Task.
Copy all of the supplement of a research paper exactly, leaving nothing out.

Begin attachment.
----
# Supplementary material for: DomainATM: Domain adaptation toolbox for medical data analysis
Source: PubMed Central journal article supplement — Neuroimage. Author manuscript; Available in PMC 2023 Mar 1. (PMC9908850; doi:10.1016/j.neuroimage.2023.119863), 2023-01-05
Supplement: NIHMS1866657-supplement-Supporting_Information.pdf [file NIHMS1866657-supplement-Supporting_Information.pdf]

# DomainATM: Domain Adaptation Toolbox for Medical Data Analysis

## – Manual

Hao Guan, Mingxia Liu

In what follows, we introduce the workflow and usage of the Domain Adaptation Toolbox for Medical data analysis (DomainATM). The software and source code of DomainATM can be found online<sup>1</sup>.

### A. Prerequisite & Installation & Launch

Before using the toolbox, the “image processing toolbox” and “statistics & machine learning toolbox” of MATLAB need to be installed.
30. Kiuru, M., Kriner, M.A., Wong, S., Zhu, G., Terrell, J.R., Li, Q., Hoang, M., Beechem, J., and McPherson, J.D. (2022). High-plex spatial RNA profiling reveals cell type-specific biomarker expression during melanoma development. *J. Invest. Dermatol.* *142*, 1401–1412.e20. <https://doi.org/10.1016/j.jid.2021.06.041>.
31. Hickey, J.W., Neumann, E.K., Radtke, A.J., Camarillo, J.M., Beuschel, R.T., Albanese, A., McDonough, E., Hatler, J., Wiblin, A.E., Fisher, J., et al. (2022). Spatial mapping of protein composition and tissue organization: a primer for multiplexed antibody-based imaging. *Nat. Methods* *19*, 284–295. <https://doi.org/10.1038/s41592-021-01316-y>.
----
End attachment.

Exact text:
# Supplementary material for: DomainATM: Domain adaptation toolbox for medical data analysis
Source: PubMed Central journal article supplement — Neuroimage. Author manuscript; Available in PMC 2023 Mar 1. (PMC9908850; doi:10.1016/j.neuroimage.2023.119863), 2023-01-05
Supplement: NIHMS1866657-supplement-Supporting_Information.pdf [file NIHMS1866657-supplement-Supporting_Information.pdf]

# DomainATM: Domain Adaptation Toolbox for Medical Data Analysis

## – Manual

Hao Guan, Mingxia Liu

In what follows, we introduce the workflow and usage of the Domain Adaptation Toolbox for Medical data analysis (DomainATM). The software and source code of DomainATM can be found online<sup>1</sup>.

### A. Prerequisite & Installation & Launch

Before using the toolbox, the “image processing toolbox” and “statistics & machine learning toolbox” of MATLAB need to be installed.
30. Kiuru, M., Kriner, M.A., Wong, S., Zhu, G., Terrell, J.R., Li, Q., Hoang, M., Beechem, J., and McPherson, J.D. (2022). High-plex spatial RNA profiling reveals cell type-specific biomarker expression during melanoma development. *J. Invest. Dermatol.* *142*, 1401–1412.e20. <https://doi.org/10.1016/j.jid.2021.06.041>.
31. Hickey, J.W., Neumann, E.K., Radtke, A.J., Camarillo, J.M., Beuschel, R.T., Albanese, A., McDonough, E., Hatler, J., Wiblin, A.E., Fisher, J., et al. (2022). Spatial mapping of protein composition and tissue organization: a primer for multiplexed antibody-based imaging. *Nat. Methods* *19*, 284–295. <https://doi.org/10.1038/s41592-021-01316-y>.